Definition:Language of Propositional Logic/Formal Grammar
Definition
The formal grammar of the language of propositional logic (and hence its WFFs) can be defined in the following ways.
Backus-Naur Form
In Backus-Naur form, the formal grammar of the language of propositional logic takes the following form:
\(\ds \)<formula>\(\) | \(\)::=\(\) | \(\ds p \ \mid \ \top \ \mid \ \bot\) | where $p \in \PP_0$ is a letter | |||||||||||
\(\ds \)<formula>\(\) | \(\)::=\(\) | \(\ds \neg\) <formula>\(\) | ||||||||||||
\(\ds \)<formula>\(\) | \(\)::=\(\) | \(\ds (\) <formula> <op> <formula> \()\) | ||||||||||||
\(\ds \)<op>\(\) | \(\)::=\(\) | \(\ds \land \ \mid \ \lor \ \mid \implies \mid \iff\) |
Note that this is a top-down grammar:
- we start with a metasymbol <formula>
- progressively replace it with constructs containing other metasymbols and/or primitive symbols
until finally we are left with a well-formed formula of $\LL_0$ consisting of nothing but primitive symbols.
Bottom-Up Specification
The following rules of formation constitute a bottom-up grammar for the formation of well-formed formulas (WFFs) of the language of propositional logic $\LL_0$.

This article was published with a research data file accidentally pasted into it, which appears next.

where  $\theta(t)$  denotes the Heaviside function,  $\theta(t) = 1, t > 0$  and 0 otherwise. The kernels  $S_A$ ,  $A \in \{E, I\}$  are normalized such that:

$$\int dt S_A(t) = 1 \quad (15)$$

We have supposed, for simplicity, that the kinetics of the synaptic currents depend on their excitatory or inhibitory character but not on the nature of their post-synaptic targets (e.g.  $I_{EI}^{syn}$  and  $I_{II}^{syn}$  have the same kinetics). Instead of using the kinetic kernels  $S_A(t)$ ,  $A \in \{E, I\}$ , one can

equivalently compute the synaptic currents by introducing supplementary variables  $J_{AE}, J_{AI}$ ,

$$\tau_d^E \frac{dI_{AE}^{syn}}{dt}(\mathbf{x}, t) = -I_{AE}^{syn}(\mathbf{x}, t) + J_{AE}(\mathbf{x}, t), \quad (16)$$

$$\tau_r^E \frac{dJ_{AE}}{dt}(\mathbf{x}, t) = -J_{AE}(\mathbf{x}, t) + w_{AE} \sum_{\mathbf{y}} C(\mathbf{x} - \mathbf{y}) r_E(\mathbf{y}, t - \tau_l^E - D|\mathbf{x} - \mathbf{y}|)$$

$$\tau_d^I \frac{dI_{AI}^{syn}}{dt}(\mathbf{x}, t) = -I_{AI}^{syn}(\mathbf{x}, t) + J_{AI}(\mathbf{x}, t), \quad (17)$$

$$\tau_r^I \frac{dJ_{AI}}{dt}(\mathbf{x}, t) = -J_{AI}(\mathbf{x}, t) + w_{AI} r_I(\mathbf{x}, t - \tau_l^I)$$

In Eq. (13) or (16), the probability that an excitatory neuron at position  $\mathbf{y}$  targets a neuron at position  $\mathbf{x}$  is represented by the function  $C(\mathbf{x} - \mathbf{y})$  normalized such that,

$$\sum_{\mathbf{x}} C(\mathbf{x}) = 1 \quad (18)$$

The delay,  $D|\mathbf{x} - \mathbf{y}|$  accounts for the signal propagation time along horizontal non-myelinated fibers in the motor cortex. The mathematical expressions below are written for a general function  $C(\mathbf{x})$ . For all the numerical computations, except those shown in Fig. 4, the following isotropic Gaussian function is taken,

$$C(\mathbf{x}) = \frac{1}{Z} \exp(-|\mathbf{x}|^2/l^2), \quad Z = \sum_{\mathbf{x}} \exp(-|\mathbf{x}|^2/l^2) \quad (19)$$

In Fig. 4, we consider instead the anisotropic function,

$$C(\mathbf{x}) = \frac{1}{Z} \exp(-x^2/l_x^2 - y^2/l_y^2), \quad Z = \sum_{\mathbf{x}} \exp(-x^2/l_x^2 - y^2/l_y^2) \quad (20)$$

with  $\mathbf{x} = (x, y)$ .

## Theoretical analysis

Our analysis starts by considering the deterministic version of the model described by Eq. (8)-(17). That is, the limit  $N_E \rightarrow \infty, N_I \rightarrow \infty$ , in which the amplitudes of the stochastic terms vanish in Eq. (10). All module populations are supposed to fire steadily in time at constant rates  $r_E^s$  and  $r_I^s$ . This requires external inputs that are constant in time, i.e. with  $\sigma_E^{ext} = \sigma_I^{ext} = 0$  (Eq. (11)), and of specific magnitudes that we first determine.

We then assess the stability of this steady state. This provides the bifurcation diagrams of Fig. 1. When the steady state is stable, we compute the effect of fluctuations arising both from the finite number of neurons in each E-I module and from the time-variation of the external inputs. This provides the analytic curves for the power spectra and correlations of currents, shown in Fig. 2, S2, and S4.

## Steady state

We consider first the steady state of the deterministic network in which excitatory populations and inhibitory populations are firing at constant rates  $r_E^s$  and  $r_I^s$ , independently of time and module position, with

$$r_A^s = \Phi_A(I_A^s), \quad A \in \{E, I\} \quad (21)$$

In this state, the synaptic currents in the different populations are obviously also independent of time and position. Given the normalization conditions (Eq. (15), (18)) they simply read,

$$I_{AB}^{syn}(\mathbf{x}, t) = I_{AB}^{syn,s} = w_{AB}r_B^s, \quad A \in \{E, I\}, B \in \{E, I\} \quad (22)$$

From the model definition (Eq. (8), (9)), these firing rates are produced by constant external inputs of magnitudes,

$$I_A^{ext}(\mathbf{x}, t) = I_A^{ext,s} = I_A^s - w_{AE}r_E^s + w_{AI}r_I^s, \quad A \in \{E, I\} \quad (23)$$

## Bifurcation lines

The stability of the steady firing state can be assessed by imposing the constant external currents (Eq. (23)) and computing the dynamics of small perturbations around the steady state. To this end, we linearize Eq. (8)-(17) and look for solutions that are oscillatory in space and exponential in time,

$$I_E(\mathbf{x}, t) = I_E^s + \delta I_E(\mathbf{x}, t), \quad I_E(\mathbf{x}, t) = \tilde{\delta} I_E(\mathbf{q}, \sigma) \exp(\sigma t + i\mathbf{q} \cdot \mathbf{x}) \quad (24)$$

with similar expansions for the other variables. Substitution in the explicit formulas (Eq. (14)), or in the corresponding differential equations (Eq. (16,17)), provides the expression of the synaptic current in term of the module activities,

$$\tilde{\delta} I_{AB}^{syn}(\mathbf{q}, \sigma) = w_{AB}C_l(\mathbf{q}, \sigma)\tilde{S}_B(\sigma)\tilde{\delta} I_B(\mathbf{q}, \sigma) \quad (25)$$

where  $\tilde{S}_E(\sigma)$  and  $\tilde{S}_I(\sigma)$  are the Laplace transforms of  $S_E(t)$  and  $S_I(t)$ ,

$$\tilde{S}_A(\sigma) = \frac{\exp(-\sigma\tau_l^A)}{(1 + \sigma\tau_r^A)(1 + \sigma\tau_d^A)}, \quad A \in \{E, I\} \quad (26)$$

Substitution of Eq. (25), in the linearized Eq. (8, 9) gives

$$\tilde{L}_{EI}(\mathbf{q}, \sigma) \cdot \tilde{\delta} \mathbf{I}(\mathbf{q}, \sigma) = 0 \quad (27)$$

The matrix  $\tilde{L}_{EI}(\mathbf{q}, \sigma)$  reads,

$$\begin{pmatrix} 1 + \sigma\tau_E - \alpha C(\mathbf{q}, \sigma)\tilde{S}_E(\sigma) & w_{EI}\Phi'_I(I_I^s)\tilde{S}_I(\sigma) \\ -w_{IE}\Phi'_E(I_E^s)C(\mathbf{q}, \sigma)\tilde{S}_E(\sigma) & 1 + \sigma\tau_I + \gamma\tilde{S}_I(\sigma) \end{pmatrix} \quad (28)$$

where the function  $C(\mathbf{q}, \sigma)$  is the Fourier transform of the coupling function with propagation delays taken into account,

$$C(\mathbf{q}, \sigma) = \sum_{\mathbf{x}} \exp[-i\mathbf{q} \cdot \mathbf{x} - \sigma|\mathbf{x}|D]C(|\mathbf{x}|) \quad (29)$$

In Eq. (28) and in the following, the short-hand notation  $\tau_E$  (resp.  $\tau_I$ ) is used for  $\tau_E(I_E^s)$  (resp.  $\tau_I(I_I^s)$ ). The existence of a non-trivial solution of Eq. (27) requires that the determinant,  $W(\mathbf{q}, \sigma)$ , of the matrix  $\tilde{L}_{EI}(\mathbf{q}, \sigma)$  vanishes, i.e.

- Let $\PP_0$ be the vocabulary of $\LL_0$.
- Let $\mathrm {Op} = \set {\land, \lor, \implies, \iff}$.
The rules are:
$\mathbf W: \text {TF}$ | $:$ | $\top$ is a WFF, and $\bot$ is a WFF. | |
$\mathbf W: \PP_0$ | $:$ | If $p \in \PP_0$, then $p$ is a WFF. | |
$\mathbf W: \neg$ | $:$ | If $\mathbf A$ is a WFF, then $\neg \mathbf A$ is a WFF. | |
$\mathbf W: \text {Op}$ | $:$ | If $\mathbf A$ is a WFF and $\mathbf B$ is a WFF and $\circ \in \mathrm {Op}$, then $\paren {\mathbf A \circ \mathbf B}$ is a WFF. |
Any string which can not be created by means of the above rules is not a WFF.
Well-Formed Formula
Let $\mathbf A$ be approved of by the formal grammar of propositional logic.
Then $\mathbf A$ is called a well-formed formula of propositional logic.
Often, one abbreviates "well-formed formula", speaking of a WFF of propositional logic instead.
Also known as
The formal grammar of propositional logic is also referred to as its syntax.
Also see
Sources
- 1996: H. Jerome Keisler and Joel Robbin: Mathematical Logic and Computability ... (previous) ... (next): $\S 1.2$: Syntax of Propositional Logic